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What new challenges does the supply chain face?

The supply chain plays an essential role in the daily activities of millions of people and companies. We only have to remember the problems that have been generated by the lack of an essential component for manufacturing, such as microchips, when maritime transport costs quadrupled (which fortunately has now stabilized), or by the lack of raw materials such as minerals, to give just a few examples. Any incident at origin or during manufacturing is transmitted to the rest of the supply chain and ends up translating into an inability to meet demand and/or an excessive increase in the price of the final product.

In addition, technological, economic, environmental and regulatory changes have given and will continue to give rise to new challenges, or transform existing ones. What are the most relevant challenges currently facing the supply chain, and how are companies working to adapt?

1. Adapting to constant technological change

This challenge is not new, but it has become a constant for the supply chain. Technology has changed the way consumers understand online shopping, and the demand for automation to streamline orders is growing. Moreover, artificial intelligence (AI) and data analytics have transformed the way product flows are managed, among other things. Robotics, IoT or machine learning are technologies that companies can no longer ignore for long.

But while technology offers increasingly flexible and efficient solutions, it often also requires investment in both the technology itself and in training staff to use it. The key to meeting this challenge is to carefully select the technologies we implement, to do so in a phased manner, and to invest in trained personnel who can get the most out of them.

2. Adapting to trends in consumer demand

End-consumer behavior has a clear impact on the entire supply chain, from the type of product they buy or stop buying, to expectations in delivery times and traceability information.

This forces everyone in the chain to keep abreast of changes in demand trends in order to adapt quickly to market fluctuations and avoid, for example, unnecessary stock build-up or stock-outs. Faced with this challenge, we can only try to keep abreast of consumption trends and analyze order history on a regular basis to detect seasonality or unusual peaks. Having an up-to-date and complete WMS will greatly facilitate this last task.

3. Sustainability is here to stay

Consumers and government regulations are driving increasingly sustainable practices, and are concerned about all points in the supply chain, from sourcing raw materials, to transportation-prioritizing local products-and packaging, as we have seen with trends in green logistics.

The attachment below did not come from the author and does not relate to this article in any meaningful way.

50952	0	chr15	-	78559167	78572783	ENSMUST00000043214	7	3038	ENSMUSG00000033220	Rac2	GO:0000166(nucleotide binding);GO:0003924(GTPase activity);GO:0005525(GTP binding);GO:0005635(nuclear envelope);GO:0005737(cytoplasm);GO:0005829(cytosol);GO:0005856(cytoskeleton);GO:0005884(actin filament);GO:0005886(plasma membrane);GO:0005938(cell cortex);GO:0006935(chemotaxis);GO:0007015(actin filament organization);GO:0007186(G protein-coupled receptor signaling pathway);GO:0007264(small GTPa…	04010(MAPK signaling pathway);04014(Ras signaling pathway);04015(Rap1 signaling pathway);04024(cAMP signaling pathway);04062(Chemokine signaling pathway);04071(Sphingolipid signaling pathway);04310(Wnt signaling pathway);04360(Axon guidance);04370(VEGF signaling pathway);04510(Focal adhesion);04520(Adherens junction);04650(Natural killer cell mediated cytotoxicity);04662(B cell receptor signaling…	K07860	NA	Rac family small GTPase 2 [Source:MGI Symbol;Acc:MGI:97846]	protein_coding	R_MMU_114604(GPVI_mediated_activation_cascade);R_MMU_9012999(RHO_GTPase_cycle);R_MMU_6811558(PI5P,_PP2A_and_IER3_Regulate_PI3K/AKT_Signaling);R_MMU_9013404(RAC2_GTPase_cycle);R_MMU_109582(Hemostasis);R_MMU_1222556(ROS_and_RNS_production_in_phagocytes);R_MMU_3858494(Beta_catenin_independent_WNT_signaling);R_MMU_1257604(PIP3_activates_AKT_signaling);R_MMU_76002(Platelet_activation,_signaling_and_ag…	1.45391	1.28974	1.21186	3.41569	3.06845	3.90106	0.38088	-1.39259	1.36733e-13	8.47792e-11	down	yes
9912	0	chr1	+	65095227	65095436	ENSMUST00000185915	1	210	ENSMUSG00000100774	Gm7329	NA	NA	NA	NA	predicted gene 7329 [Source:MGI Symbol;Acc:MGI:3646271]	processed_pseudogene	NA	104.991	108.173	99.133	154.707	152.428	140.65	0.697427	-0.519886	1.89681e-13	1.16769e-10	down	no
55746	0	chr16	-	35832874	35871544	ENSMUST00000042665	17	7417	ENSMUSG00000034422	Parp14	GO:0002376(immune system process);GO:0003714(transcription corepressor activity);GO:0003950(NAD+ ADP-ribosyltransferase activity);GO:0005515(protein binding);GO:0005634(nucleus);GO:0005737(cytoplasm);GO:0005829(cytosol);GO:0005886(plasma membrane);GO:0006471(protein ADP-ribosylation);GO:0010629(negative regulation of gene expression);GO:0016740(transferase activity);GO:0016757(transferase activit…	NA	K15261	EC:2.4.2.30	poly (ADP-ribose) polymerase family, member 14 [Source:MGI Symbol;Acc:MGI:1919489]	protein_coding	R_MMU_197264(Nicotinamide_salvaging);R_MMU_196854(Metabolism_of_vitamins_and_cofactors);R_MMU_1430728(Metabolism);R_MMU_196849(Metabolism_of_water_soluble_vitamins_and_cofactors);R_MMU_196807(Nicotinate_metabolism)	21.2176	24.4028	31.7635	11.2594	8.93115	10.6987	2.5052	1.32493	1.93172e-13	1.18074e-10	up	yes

Therefore, companies are challenged to implement sustainable and responsible practices that reduce their carbon footprint, minimize the waste they generate and, in general, promote ethical and circular economy practices throughout their supply chain. In fact, more and more companies are getting involved not only in their own actions, but also in analyzing and assessing this type of practices in their suppliers.

But, in addition to implementing this type of sustainable actions, it is essential that companies communicate it in all their channels, especially in digital ones, as it is information that more and more companies and users want to know.

4. Increasing global complexity increases disruption

The global interconnectedness of supply chains has also posed major challenges in recent years, as many companies that depended on a single route for the arrival of raw materials or distribution have found. We are talking not only about transport saturation or price increases, or the lack of a component or raw material, but also about pandemics, natural disasters or geopolitical problems.

Faced with these supply chain disruptions, many companies have seen their production capacity and ability to meet demand seriously affected. To try to mitigate the effects of these unforeseen events, one of the best options is to opt for supplier diversification strategies, better stock and inventory control, to avoid excessive dependence on a single supplier or country of origin.

5. Lack of talent and specific skills

The fast and increasing digitization of the supply chain has also resulted in a lack of qualified personnel, especially for positions related to certain technologies, data analysis or risk management. This hinders the implementation of technologies that are otherwise increasingly necessary, or their proper management and efficient utilization.

Many companies choose to invest in training internal personnel, who already know the company and its processes, instead of looking for professionals who are otherwise scarce and also require a period of adaptation and knowledge of the company.

In short, the supply chain is constantly evolving. The challenges change, but there will always be challenges that will require adaptation by the different companies involved in order to remain competitive, resilient and efficient. Therefore, having partners who, in addition to offering advanced technological solutions, are part of our team and accompany us throughout our journey, will be one of the keys to the future of the supply chain.

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